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Manchester Skyline by Flickr user Treevis

The long journey to low carbon

Cutting carbon and hitting our climate targets will mean making radical improvements across all buildings in Greater Manchester including the homes we live in, the public buildings we use such as schools and hospitals plus the commercial and industrial buildings so important for our local economy.

The scale is daunting, just taking the homes we live in, there are some 1.2 million on them in the region and by 2015 we have a target to reduce carbon dioxide (CO2) emissions by 220 kt. To achieve this target, we need action on three fronts: improving the fabric of new and existing buildings, installing renewables and changing behaviours.

For housing we now have some of the best energy efficient homes in the country and the draft GM Housing Retrofit Strategy sets out how we need to accelerate the transition into a low carbon world.

A key facility is the Greater Manchester Energy Advice Service (GMEAS). It is the last independent regionally based energy advice service in the UK. It enables the region to attract additional government funding and commercial partners to work together on housing retrofit. The facility helped us secure £6.1 million Green Deal Communities Funding from the government to retrofit 11,500 homes in some of our most deprived neighbourhoods and create 30 demonstration homes.

GMEAS's "Little Bill" marketing program is now attracting residents, helping them with a range of measures including replacing obsolete boilers, installing energy efficient glazing and doors, solid wall insulation and solar PVs.

And whilst they have been greatly reduced, ECO funds from GMEAS are still helping our most deprived households.

In the non domestic buildings there are examples of best practice in both the public and commercial sectors. Local councils asset managers have done much to improve the existing town halls. Some of our major commercial property owners are leading the move to a low carbon future with changes to their portfolios including their offices and shops.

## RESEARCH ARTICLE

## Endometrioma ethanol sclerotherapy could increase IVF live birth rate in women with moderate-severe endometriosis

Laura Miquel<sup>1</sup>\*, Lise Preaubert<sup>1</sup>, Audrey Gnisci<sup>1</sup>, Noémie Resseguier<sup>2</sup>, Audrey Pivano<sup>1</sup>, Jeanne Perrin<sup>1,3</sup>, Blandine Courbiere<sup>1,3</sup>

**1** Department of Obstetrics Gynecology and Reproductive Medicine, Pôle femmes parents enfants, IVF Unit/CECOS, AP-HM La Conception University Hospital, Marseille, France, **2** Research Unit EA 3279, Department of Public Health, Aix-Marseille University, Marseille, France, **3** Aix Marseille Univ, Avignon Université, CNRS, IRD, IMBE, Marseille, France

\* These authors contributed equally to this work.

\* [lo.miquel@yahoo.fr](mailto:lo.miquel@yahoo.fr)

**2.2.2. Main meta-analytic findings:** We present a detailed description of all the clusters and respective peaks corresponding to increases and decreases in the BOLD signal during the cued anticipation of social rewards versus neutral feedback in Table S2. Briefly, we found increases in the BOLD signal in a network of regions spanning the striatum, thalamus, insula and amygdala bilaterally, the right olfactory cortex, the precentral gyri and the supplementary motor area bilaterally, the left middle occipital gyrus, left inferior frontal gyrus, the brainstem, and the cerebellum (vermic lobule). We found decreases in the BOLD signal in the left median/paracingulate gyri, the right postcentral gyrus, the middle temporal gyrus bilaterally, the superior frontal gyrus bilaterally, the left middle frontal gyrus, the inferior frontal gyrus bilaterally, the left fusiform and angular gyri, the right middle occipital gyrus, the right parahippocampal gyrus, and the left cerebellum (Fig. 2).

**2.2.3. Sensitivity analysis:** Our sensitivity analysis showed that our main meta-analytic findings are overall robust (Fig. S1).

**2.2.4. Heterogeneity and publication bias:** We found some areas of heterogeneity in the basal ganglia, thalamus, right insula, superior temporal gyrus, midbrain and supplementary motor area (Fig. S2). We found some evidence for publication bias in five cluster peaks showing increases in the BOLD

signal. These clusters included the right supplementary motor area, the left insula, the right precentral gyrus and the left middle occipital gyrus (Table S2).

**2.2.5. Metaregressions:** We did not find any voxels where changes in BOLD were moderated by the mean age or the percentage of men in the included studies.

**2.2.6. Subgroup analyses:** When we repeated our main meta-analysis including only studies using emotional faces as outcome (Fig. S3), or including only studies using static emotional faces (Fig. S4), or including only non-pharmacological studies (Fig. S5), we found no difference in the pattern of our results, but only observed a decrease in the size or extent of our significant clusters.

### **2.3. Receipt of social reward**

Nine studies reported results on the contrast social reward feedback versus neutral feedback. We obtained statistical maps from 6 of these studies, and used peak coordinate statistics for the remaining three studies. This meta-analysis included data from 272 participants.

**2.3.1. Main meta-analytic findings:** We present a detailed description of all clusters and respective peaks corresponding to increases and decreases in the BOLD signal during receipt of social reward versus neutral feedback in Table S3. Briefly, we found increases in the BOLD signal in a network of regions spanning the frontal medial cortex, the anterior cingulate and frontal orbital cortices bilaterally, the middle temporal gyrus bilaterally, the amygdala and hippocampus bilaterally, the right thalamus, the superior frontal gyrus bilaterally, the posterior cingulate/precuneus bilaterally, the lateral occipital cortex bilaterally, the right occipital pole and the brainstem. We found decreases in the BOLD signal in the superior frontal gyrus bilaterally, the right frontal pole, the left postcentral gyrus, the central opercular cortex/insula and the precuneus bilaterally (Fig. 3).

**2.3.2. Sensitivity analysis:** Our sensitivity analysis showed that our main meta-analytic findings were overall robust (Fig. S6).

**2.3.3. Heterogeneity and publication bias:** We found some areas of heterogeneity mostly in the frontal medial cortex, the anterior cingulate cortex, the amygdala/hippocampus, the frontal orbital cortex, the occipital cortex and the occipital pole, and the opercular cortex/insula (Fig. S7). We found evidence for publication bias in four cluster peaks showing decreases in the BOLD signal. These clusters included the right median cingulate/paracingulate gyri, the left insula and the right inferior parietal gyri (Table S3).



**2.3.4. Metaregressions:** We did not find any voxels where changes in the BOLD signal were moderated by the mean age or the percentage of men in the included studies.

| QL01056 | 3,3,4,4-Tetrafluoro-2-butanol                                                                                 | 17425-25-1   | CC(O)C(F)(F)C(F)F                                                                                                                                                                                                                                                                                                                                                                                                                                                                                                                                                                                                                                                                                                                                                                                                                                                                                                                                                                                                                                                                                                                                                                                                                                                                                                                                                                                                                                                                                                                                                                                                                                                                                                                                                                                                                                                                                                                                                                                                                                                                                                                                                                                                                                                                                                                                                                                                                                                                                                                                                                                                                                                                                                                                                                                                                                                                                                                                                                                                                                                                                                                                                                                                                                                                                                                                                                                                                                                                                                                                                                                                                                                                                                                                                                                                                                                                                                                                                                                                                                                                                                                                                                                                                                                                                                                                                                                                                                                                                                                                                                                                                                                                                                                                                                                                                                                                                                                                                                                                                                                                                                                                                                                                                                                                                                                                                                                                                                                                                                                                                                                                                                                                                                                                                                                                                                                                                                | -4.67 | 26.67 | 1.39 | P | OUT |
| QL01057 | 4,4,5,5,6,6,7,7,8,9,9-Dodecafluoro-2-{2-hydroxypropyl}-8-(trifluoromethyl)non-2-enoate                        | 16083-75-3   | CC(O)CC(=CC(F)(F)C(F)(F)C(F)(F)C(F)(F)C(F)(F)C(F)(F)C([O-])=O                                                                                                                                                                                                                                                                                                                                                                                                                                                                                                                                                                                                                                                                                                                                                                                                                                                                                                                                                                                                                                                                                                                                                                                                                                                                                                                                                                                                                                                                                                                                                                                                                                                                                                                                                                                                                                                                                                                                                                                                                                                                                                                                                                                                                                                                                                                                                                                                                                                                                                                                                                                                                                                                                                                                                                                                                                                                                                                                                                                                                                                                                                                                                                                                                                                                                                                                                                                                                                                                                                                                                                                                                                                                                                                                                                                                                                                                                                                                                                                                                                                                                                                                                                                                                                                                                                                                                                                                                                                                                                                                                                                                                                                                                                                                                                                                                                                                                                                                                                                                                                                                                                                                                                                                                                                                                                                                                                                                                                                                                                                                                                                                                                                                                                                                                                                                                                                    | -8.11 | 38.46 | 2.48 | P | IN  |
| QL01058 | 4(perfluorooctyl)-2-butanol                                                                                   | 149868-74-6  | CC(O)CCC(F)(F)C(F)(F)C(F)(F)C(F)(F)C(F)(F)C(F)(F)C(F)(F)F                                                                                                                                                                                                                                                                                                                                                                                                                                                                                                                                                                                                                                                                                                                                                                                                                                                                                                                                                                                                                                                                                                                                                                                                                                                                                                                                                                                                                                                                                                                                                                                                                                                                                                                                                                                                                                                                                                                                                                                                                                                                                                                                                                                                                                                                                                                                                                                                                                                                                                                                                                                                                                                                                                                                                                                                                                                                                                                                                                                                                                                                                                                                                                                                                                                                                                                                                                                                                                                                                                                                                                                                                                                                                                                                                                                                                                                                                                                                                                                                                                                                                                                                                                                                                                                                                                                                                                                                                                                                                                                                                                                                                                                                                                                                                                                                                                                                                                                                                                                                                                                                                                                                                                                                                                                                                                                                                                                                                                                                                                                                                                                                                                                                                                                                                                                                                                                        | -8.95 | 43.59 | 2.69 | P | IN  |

The likes of the Coop, Peel Holdings and Bruntwood rightly deserve credit for the work they’ve done, but they are not alone, some of our smaller businesses are contributing such as Dave Armstrong's business units at Armstrong Point, Wigan. This is the UK's first zero-energy cost business park.

So far so good, but two changes are needed. First and foremost is our behaviour. Research reveals that if we become "carbon literate' and change our behaviour we can reduce carbon emissions by some 20%. The solution which needs accelerating is carbon literacy training so well done to Manchester City Council with its program for staff.

This is a start but we also need to get to the wider public and leaders and governing bodies both the business and public sectors. Improving buildings reduce energy bills, future proof assets and for those who rent out their assets they will find it an advantage to attracting new tenants who want lower energy bills. 

The second challenge is finance. We need large scale investment sustained over the next 30 years. Well done to the Greater Manchester's social landlords who are working with 30 year asset management plans for their 160,000 dwellings and have given priority in their plans for low carbon and fuel poverty, but they have a major shortfall in funds if they are to get to what is needed, an average EPC rating of "B".

They and commercial and public owners of buildings need access to low cost public and private finance and incentives to accelerate the retrofit needed. Home owners are no different, and whilst a good concept, a critical flaw with Green Deal was the cost of borrowing at seven to eight per cent.

Despite the great work done so far we have just begun this journey. Many have completed the easy measures such as loft and cavity wall insulation, but far more has to be done and if we are to make any real impact on climate change we have to accelerate improvements to our buildings. There are no significant technical barriers which would impede progress: the problems lie with us, but naturally of course, so do the solutions.


Main image courtesy of Flickr user Treevis published under a Creative Commons Licence.